Video transcript: The buzz about pesticides – by Nature Video

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October 2012

Video shows a bee visiting and collecting pollen from crocus flowers.

All over the world, bee populations are decreasing. It's a worrying trend because bees are the most important pollinators of many wildflowers and agricultural crops. Disease may be causing some colonies to collapse but recent research shows that chemicals in pesticides are also harming honeybees and this is backed up by a new study on bumblebees at London's Royal Holloway University.

Video shows Nigel Raine and Richard Gill in the laboratory.

Nigel Raine, Royal Holloway, University of London
Work in my lab is building on previous work looking at neonicotinoids, the systemic pesticides being used extensively in agriculture at the moment. And what we're doing is we're looking at the effects of multiple pesticides, not just the neonicotinoids, but also pyrethroids, which is the sort of situation that bees are faced with in the field - they visit multiple crop species which may have different pesticides applied to them.

Video shows the bee colonies in the laboratory and connecting tubes.

The bees were exposed to low levels of these pesticides for four weeks. They lived in small colonies in the lab, but they were able to go outside via a long tube connected to the window. This allowed them to collect pollen from real flowers as they would in the wild, while Richard kept a close eye on their foraging behaviour.

Video shows Richard Gill attaching ID tag to a bee.

Richard Gill, Royal Holloway, University of London
The bees all have an individual ID radio frequency identification tag stuck to their backs. Each one of those comes with an unambiguous number, a unique ID. Each time a bee leaves the colony, it is registered by a particular reader, an IFRD reader. When the bee comes back, again it gets read by the same readers and we can tell the identification of each and every bee that goes out and comes back, and we know the exact time that they've spent outside in the environment.

Video shows bees travelling along the connecting tubes.

Nigel Raine, Royal Holloway, University of London
Well what we've found is that this sort of chronic exposure, this long-term exposure to low levels of pesticide is affecting the behaviour of individual bees, and therefore the performance of colonies so we're seeing that link. And those that we're exposed to both pesticides consistently performed the most poorly in all of our measures. But the most interesting findings perhaps are that the neonicotinoids 'Imidacloprid' affected foraging performance of workers. So the colonies that were treated with that pesticide actually sent out more foragers, but those foragers were much less effective at bringing back pollen which is a limiting factor of a colony growth.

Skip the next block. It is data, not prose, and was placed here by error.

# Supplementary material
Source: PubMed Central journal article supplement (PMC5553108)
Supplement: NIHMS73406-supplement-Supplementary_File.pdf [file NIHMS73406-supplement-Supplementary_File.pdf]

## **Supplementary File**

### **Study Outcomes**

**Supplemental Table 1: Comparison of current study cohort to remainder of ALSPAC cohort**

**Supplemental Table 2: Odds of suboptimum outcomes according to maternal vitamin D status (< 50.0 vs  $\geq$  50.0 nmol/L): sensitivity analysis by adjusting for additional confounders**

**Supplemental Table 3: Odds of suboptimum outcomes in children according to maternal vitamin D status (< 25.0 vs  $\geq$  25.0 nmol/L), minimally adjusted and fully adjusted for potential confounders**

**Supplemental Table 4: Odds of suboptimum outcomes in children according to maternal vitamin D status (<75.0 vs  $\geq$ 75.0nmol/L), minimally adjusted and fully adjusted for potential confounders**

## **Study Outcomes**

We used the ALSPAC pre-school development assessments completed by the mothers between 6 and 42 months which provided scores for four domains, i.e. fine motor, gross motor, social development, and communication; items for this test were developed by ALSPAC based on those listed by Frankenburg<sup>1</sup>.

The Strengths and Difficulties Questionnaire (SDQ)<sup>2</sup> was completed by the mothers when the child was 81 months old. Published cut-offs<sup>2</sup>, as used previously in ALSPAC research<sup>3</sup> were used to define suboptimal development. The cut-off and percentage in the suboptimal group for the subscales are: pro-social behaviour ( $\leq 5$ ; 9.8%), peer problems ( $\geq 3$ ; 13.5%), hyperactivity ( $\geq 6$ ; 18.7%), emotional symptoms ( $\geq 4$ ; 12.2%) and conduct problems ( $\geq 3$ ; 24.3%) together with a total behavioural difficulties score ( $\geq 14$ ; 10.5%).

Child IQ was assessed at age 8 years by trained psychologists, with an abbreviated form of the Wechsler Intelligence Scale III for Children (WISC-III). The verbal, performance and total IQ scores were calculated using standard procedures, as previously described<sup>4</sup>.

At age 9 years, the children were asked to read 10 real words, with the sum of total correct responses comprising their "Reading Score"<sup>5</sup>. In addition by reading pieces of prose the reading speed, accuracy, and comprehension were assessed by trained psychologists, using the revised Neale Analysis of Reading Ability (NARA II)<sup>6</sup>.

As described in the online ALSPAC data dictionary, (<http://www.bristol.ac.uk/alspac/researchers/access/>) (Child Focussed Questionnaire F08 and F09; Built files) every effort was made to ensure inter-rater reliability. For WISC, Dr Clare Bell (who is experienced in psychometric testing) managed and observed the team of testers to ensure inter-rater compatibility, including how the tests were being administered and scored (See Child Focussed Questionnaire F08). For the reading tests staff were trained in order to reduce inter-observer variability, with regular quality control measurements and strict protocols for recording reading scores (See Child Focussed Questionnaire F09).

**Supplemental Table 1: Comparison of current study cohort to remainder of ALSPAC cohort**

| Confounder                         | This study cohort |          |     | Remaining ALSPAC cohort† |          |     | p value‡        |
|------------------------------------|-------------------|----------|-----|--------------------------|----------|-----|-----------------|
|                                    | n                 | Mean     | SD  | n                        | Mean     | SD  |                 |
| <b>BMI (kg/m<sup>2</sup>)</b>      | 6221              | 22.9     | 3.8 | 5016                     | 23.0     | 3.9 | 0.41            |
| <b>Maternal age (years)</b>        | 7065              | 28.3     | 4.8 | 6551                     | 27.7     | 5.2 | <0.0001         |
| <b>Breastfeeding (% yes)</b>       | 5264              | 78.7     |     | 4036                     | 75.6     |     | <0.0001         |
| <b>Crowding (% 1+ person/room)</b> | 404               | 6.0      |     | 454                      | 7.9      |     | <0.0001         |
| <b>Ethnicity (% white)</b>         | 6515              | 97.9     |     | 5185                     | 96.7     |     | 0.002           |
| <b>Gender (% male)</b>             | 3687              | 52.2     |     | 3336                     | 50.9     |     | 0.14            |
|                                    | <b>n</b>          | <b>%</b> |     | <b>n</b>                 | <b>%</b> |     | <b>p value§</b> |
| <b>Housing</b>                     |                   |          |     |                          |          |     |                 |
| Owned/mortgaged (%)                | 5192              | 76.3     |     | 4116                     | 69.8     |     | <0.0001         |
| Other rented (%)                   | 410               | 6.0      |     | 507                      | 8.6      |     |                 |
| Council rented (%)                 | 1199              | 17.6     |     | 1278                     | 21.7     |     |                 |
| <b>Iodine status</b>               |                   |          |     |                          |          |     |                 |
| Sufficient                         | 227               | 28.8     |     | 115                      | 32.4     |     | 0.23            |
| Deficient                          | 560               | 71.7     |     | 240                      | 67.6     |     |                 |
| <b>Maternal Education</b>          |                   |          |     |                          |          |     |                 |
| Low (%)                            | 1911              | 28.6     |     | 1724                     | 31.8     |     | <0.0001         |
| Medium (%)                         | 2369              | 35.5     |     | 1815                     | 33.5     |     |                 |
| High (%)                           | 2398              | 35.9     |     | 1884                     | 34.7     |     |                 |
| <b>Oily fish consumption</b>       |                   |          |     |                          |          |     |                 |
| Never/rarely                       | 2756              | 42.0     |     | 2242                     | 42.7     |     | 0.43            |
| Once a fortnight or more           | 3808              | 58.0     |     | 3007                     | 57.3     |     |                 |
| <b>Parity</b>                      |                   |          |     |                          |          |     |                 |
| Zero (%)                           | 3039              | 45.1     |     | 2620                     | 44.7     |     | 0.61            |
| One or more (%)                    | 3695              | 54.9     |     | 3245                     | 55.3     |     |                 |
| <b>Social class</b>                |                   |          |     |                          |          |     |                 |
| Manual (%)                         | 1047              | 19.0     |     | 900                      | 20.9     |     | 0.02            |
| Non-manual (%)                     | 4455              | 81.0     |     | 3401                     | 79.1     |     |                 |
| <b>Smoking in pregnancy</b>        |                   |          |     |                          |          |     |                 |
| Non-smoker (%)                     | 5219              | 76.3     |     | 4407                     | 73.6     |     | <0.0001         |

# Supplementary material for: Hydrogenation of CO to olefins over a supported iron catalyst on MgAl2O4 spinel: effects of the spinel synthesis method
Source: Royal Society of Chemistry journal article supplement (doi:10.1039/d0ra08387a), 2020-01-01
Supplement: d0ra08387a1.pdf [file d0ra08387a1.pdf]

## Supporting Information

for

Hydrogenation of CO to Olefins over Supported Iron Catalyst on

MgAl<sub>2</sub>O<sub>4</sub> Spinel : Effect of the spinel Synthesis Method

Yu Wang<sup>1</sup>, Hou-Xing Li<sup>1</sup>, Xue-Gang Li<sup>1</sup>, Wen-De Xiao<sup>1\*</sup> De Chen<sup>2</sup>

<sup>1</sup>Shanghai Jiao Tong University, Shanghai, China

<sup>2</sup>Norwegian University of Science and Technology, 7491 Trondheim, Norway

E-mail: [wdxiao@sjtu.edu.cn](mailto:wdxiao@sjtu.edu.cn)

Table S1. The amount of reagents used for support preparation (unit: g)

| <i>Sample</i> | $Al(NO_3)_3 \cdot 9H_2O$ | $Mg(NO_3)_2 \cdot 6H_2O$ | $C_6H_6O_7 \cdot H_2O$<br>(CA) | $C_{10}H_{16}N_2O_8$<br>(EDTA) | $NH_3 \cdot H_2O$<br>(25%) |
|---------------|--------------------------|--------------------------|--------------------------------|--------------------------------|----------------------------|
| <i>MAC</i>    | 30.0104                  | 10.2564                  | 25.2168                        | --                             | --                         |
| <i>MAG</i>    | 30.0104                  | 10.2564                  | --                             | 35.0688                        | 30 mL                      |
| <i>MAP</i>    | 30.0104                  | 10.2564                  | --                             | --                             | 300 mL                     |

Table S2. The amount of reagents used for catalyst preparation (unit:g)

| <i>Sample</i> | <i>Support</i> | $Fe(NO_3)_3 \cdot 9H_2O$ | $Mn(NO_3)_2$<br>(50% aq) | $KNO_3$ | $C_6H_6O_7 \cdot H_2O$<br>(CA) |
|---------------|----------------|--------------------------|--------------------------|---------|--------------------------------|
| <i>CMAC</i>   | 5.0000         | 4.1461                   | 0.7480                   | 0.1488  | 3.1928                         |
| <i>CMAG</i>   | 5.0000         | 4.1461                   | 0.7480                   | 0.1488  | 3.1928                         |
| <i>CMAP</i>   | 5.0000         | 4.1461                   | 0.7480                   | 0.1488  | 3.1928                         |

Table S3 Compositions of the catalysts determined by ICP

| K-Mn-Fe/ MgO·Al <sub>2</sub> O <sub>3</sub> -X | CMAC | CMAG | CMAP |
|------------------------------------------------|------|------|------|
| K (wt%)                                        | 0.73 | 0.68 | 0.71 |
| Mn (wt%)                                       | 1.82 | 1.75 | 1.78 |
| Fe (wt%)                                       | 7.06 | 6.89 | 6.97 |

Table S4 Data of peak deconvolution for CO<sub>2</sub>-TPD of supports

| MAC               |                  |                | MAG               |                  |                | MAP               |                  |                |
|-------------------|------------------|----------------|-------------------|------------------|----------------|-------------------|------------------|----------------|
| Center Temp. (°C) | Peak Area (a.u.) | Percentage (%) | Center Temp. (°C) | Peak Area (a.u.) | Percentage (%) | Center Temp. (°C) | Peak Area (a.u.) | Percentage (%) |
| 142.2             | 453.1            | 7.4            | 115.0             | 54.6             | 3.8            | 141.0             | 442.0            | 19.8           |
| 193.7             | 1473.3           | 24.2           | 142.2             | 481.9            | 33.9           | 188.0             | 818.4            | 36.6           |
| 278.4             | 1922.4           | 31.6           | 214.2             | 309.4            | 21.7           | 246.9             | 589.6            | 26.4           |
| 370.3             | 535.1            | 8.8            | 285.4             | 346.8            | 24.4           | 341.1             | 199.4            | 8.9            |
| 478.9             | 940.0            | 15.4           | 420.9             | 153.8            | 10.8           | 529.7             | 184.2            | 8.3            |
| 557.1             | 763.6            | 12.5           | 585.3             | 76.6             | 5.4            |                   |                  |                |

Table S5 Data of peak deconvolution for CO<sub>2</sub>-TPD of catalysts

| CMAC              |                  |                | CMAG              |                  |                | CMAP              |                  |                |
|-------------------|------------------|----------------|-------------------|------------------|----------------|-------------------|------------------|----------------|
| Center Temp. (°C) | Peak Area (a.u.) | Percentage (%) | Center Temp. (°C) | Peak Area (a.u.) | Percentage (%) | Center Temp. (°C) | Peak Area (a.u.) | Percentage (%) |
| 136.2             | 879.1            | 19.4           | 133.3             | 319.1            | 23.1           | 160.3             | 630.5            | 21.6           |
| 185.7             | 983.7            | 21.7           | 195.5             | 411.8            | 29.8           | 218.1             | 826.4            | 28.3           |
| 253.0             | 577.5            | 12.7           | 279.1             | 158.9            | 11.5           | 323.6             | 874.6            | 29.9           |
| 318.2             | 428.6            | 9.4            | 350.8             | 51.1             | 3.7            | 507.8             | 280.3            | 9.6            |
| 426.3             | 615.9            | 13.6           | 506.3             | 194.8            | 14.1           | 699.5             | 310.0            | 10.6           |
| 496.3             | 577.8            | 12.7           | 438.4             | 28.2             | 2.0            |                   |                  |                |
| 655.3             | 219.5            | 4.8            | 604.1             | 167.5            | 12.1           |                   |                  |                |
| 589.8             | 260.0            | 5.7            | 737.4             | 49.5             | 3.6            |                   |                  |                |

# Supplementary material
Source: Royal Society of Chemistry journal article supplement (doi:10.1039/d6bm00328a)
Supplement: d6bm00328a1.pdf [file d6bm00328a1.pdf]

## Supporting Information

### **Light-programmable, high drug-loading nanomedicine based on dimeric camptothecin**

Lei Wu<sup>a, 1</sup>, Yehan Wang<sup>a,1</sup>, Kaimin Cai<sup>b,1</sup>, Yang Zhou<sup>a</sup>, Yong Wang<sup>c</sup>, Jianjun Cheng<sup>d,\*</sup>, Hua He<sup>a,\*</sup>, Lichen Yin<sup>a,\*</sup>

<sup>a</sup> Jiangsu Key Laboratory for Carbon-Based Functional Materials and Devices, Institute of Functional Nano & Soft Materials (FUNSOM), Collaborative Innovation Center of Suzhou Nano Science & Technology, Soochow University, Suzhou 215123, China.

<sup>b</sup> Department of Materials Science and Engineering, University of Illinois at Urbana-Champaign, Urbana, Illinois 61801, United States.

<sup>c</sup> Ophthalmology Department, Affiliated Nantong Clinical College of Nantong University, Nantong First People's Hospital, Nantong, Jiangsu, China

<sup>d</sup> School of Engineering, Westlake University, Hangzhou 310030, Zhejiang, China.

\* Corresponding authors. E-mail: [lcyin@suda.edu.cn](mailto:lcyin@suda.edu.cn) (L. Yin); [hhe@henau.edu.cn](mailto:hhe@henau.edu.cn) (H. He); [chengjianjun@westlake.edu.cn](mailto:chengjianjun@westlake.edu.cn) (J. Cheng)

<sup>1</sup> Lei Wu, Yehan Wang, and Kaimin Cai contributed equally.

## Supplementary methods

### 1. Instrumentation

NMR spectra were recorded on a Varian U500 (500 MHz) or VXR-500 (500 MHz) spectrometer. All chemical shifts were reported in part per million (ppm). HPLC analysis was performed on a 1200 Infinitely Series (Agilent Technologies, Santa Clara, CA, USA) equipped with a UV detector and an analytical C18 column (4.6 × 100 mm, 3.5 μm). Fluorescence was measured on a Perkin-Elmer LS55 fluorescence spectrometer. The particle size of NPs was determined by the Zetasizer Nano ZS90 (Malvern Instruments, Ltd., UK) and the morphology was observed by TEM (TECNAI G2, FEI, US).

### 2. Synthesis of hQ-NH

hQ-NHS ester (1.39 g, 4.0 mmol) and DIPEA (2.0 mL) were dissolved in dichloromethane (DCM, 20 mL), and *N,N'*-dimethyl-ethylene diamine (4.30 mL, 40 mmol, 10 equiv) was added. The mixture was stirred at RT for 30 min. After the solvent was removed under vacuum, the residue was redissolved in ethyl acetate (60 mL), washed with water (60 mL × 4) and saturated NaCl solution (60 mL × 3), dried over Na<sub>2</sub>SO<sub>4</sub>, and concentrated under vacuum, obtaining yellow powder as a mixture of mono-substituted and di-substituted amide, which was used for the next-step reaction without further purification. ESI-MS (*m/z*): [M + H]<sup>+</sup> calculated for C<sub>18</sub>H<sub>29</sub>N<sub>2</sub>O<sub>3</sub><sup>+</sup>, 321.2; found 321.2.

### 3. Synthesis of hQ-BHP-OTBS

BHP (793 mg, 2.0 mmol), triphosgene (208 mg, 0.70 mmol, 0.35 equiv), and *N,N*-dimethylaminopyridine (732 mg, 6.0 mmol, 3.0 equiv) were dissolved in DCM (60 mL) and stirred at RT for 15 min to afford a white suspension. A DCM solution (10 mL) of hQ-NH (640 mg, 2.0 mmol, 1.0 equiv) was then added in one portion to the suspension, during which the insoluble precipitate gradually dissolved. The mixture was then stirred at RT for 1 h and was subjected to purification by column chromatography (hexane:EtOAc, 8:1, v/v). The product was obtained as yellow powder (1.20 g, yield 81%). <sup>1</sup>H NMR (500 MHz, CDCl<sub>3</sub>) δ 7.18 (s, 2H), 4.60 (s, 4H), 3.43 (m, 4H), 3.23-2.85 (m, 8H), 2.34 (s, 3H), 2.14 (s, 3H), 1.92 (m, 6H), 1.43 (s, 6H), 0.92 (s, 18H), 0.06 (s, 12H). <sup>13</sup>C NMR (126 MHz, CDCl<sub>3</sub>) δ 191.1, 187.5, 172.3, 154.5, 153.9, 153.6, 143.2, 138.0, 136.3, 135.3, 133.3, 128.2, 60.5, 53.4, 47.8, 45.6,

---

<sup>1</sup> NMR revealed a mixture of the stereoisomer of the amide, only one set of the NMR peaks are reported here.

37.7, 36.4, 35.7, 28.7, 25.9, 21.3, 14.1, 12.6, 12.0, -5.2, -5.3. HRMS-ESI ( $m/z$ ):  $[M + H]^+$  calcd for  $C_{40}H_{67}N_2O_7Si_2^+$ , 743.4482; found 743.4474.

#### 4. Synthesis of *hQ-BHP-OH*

Richard Gill, Royal Holloway, University of London
It is certainly concerning that having these combinations of pesticides outside could be causing such a severe impact. But we know we've only looked at two pesticides, yet we know there are hundreds of pesticides used out there. Millions of areas of agricultural land are being sprayed with these pesticides and these bees are being exposed to them.

Video shows footage of agricultural land and pollinating flowers/crops.

Nigel Raine, Royal Holloway, University of London
Currently, pesticides are actually regulated very tightly but the focus is very much on what are the lethal effects, so what dosages will kill bees and particularly honeybees are the focus of those tests. What I think our study shows is that longer term effects of lower dosage can also be important. So, they may be relatively subtle effects on behaviour, but their effects on the individual bees which filter up to the colony level, and can have effect on whether colonies actually thrive or even fail.

Richard Gill, Royal Holloway, University of London
You do get a sort of personal feel with them and especially when you are seeing them get affected so badly by these pesticides, you're thinking what really is going on in the wild and are they really being affected this badly.

Nigel Raine, Royal Holloway, University of London
For me it is vital, I mean bees are fascinating creatures, they're massively important in the ecosystem so we can't lose them.

Video shows bee collecting pollen from a flower.

Combined pesticide exposure severely affects individual- and colony-level traits in bees. Nature, 21 October 2012, doi: 10.1038/nature11585.



  • Bee footage: Getty Images
  • Written and edited by Charlotte Stoddart
  • Filmed by Thea Cunningham
  • A Nature video production, 2012